Hydrogen has the potential to significantly reduce CO2 emissions, opening the door to the possibility of sustainable long-distance transportation, on land, in the water and in the air.
Earlier this year, Airbus signed a Memorandum of Understanding (MoU) with Linde, a leading global industrial gases and engineering company. Going forward, the two will work together to develop hydrogen infrastructure at airports worldwide.
"We are advancing well with hydrogen as an important technology pathway to achieve our ambition of bringing a zero-emission commercial aircraft to market by 2035. Building the infrastructure is just as crucial. That's why we are working closely with partners like Linde, who have decades of experience and expertise worldwide in the storage and distribution of hydrogen," said Sabine Klauke, Chief Technical Officer, Airbus.
The volume conundrum
Needless to say, developing the necessary technology to produce, transport and store the huge volumes of hydrogen that would be required to fuel the aviation industry of the future represents no small feat. Even more so considering that the volume of hydrogen is four times as much as the one of kerosene.
This has prompted widespread concerns about how the hydrogen will be delivered to airports, whether this will require the use of pipelines or liquid hydrogen tankers, how it will be securely transported on board aircraft and whether hydrogen-powered aircraft can be safely serviced and refueled alongside conventional aircraft.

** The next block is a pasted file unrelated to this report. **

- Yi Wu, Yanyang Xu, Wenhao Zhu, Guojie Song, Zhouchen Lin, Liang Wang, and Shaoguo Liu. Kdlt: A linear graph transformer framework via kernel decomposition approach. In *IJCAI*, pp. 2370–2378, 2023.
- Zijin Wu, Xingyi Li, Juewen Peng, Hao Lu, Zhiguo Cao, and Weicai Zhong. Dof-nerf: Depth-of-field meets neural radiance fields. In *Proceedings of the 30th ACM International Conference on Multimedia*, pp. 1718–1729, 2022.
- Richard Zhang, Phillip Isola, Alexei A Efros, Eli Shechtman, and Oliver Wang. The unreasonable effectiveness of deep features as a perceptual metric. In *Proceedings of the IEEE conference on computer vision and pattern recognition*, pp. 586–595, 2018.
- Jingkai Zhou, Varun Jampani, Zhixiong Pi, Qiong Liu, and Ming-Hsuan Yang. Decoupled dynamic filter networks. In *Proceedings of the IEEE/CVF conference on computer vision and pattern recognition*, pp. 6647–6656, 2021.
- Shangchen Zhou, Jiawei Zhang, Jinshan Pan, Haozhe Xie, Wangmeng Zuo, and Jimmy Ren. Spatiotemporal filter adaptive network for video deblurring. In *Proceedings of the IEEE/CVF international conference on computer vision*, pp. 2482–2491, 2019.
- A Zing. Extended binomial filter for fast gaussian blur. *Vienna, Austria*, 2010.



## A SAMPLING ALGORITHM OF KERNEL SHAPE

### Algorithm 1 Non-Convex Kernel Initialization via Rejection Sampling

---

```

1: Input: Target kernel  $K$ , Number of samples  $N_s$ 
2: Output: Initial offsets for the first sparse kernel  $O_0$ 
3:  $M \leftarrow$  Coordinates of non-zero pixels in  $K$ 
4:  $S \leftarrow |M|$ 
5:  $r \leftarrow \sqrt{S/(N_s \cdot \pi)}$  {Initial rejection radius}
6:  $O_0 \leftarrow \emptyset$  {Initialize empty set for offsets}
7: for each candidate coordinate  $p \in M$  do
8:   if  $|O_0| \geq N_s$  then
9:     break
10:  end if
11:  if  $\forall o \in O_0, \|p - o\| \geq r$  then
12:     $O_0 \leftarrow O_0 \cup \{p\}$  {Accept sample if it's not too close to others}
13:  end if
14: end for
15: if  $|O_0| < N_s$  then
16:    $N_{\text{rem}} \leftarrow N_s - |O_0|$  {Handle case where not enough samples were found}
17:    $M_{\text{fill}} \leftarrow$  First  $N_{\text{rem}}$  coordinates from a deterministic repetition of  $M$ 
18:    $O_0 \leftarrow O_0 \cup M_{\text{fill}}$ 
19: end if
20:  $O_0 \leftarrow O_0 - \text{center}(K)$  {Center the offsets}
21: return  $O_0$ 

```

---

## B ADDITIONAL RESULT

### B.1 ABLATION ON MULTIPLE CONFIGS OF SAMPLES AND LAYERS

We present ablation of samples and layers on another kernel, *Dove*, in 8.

However, as Guirec Guyon is quick to point out, hydrogen as a fuel source is not some new-fangled invention. Although new applications will be needed to make it usable at the scale the commercial aviation industry would require, it has already been successfully employed in space and automotive applications for some time. This, he says, is where SMT’s expertise comes into play.
A “head start” in hydrogen
"At SMT, we have been supplying tubing and raw materials for the space and automotive segments for many years,” says Guyon. “We already have the alloys that have been tried and tested in the field and are proven to be suitable for use with hydrogen applications".
“If any company is looking for a hydrogen fuel materials expert that can support new development projects, SMT is that expert,” he continues.
SMT is also well positioned to contribute to a more stable supply chain.
“We have a fully integrated mill where everything is manufactured by SMT from melting through to the end product,” says Guyon. “Ours is one of the most secure production routes in the business, and are doing everything in our power to make sure our customers are not impacted by irregular supplies from volatile markets.”
Regional footprint and sustainable vision
SMT’s robust supply is further enhanced by its strong regional footprint.
“We are constantly striving to be as close as possible to our aerospace customers in different regions of the world,” explains Hedvall. “Our integrated, high-quality production gives us a very strong position in the tubular aerospace industry.”
SMT is also a sustainable supplier. Its efforts to limit environmental impact range from material recycling programs to initiatives designed to improve energy efficiency and reduce water consumption and raw material use, as well as an advanced regeneration strategy.
Sustainability is part of our DNA
“Sustainability is part of our DNA,” explains Guyon. “From developing the materials for some of the world’s most advanced sustainable technologies to minimizing the impact of our own processes, it is at the very core of our strategy and promise for the future.”